In terms of delivery I still haven’t seen a solution that does everything. It seems like right now your mixed approach (YouTube, direct uploads to the college site, iTunesU through Blackboard, Elluminate) is the one most people are taking. Each scratches a particular itch. If I had my way there would be a system that would answer the following questions:

    1. Does it automatically allow for different resolutions to video? Like how on YouTube you can opt for 380p, 480p, 720p etc.
    2. Can it be set up to automatically adjust itself to different display dimensions (mobile, tablet, desktop)?
    3. Will it be served from a streaming server?
    4. Is there an automated workflow for uploading video and having it converted to the various formats and ready for streaming?
    5. Can the uploader set security permissions to make the video available (some options might be, password protected, entire course, single section, all college, public)? This also implies that it knows the roles of the people uploading and viewing the video.
    6. Will it be able to deliver HTML5 video and an alternative like Flash video?
    7. Will there be enough storage space to handle possibly large future demands like lecture capture and student generated video?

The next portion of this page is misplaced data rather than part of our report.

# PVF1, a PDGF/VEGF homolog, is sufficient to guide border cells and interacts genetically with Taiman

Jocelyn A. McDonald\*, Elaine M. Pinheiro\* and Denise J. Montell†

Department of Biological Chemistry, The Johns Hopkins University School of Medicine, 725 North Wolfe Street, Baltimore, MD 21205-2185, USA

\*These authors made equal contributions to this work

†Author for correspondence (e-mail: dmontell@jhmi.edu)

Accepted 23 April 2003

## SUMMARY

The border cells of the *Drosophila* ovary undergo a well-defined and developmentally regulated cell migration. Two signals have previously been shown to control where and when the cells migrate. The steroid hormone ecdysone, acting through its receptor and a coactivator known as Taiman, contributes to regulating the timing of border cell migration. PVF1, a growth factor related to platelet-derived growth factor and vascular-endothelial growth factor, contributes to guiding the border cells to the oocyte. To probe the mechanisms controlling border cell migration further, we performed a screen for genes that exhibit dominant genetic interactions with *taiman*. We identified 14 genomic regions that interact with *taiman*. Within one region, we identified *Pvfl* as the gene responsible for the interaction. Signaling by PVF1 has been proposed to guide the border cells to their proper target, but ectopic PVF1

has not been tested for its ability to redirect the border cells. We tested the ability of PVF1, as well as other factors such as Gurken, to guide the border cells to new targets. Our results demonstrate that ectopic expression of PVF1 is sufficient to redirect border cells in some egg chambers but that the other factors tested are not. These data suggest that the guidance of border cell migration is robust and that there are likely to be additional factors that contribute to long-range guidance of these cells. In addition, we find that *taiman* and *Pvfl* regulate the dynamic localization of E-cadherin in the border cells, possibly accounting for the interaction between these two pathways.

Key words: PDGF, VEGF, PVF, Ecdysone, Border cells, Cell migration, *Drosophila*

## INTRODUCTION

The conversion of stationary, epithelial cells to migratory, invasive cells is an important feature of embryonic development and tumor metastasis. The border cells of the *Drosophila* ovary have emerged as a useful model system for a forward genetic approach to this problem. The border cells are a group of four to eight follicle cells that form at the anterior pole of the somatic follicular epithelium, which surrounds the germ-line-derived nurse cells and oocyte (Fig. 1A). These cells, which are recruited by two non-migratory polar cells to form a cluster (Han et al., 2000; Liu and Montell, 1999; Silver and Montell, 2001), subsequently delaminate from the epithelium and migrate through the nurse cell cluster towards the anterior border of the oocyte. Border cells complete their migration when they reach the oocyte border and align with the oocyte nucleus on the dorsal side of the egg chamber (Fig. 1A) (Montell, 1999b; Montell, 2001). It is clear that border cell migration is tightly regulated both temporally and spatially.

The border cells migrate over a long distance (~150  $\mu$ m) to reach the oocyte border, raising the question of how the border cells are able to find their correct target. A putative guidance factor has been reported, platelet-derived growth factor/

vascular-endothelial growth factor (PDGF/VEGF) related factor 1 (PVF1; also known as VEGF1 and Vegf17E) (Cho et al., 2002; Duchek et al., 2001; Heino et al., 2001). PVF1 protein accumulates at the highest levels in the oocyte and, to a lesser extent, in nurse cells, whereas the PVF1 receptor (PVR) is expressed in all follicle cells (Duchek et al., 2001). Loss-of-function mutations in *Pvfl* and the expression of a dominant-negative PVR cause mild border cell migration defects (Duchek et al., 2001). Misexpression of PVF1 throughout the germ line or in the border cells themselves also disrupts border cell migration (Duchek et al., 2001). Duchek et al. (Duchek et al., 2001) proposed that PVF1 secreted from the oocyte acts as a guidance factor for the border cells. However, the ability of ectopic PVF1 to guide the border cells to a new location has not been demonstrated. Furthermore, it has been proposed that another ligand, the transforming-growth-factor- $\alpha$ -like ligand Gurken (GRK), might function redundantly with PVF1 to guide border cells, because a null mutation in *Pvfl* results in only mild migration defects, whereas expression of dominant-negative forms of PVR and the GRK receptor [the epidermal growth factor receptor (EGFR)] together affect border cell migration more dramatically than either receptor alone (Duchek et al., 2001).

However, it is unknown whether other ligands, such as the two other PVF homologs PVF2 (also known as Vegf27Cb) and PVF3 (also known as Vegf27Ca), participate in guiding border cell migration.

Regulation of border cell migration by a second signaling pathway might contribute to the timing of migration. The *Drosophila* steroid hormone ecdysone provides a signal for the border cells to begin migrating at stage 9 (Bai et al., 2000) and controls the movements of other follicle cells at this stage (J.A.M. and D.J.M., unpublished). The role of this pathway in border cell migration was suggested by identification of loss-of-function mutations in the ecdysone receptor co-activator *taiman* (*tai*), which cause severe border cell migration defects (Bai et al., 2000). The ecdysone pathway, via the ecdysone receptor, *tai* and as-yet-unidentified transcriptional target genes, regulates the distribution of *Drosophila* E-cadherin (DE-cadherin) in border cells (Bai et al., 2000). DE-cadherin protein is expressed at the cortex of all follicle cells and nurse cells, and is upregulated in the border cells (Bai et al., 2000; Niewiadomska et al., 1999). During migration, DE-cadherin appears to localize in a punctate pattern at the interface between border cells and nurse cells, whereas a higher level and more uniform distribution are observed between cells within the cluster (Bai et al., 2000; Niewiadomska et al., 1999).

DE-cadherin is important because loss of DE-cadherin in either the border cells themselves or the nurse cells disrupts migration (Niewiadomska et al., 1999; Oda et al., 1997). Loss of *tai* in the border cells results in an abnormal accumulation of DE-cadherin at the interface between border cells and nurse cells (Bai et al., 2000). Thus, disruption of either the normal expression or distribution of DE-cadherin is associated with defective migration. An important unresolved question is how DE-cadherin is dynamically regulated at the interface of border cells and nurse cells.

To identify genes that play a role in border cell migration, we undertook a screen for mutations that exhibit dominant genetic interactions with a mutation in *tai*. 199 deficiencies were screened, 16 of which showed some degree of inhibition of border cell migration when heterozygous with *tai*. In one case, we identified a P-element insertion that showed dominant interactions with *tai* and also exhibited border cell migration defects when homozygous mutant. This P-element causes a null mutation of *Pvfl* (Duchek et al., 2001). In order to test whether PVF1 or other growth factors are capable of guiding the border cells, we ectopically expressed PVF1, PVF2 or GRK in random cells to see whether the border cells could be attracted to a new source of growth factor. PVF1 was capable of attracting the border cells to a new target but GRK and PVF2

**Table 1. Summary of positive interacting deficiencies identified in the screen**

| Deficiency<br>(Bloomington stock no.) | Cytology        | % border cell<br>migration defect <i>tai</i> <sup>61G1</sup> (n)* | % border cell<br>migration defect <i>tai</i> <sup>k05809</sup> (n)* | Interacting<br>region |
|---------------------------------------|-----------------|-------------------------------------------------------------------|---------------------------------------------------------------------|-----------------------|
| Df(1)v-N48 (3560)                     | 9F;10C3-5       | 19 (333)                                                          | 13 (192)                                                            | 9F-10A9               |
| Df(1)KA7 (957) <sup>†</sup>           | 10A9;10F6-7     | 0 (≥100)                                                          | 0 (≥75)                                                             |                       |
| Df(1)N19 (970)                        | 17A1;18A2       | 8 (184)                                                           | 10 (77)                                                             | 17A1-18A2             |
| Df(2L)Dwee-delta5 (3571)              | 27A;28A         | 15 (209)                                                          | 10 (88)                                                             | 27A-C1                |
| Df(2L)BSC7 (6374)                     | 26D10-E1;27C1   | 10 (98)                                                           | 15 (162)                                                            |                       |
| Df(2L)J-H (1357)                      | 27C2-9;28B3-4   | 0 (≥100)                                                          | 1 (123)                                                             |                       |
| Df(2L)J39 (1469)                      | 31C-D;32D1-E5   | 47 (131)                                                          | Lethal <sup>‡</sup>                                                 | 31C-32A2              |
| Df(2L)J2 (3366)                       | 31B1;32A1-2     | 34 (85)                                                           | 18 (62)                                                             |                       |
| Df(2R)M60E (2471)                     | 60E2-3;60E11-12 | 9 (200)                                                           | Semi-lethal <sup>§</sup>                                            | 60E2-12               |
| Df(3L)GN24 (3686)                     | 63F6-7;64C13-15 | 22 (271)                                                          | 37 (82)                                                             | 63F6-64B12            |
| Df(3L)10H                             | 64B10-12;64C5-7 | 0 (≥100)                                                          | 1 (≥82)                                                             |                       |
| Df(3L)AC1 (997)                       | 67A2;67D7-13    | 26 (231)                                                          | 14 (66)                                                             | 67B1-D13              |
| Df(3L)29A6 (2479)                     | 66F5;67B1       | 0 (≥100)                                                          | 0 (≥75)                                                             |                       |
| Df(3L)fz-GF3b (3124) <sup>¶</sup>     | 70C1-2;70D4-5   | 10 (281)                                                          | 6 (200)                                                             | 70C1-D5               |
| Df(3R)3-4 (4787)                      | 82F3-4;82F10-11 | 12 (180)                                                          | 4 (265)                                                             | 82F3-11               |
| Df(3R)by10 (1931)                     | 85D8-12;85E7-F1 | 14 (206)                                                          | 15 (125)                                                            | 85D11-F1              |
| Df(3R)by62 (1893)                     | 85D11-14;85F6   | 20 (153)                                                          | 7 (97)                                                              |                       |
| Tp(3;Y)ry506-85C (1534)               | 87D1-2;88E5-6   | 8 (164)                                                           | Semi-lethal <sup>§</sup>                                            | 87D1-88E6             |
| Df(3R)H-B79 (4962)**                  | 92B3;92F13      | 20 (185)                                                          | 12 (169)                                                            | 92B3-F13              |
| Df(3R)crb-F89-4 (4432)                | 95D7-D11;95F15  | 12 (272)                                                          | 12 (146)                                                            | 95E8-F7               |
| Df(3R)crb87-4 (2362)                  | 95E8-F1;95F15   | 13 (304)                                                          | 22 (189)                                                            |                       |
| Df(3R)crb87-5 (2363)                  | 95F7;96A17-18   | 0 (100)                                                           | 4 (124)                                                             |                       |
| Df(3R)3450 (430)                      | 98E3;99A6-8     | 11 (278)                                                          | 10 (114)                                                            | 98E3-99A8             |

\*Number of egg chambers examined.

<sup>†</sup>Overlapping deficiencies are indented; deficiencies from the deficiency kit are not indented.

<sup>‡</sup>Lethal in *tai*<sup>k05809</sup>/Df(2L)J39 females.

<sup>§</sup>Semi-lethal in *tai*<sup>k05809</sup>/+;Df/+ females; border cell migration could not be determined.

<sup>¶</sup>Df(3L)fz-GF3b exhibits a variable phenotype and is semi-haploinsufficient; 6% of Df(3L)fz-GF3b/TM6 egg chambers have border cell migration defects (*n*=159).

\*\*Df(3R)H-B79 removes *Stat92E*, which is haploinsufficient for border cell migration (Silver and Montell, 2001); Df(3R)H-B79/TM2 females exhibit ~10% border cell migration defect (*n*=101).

Thanks as well. You mentioned that article to me before I think and I’ll have to check it out. I think the streaming your doing with ds106 is very cool. The archiving issue is a bummer and would come into play with a flipped classroom since presumably you wouldn’t be doing anything live. However it seems like you could do a live screencast outside of class for people to watch and comment on real time (of course still you’d hav to archive). I should probably add live streaming as #8 on my list of questions.

    I should say that the “system” I mention in reference to those questions will probably never be a single vendor type of thing. My guess is that it will be more of a process but one that can be relatively easily done and explained to people just getting started.

    Your flipped example with the use of blogging in the classroom is interesting. Are you planning on doing anything similar in other classes? I don’t know either how much the compressed nature of the course had to do with it but I’m guessing that by allowing them to do the blogging in class you definitely got a different kind of discussion than if you had just had a normal classroom discussion. I’m wondering if your success on a compressed schedule has implications for summer and winter session classes in general?


    I’m playing around with similar blogging course for your CT majors that’s senior requirement prep course. It’s only a one credit class that meets every other week, so we’ll see how they do in comparison (if that’s possible). On another blog I made: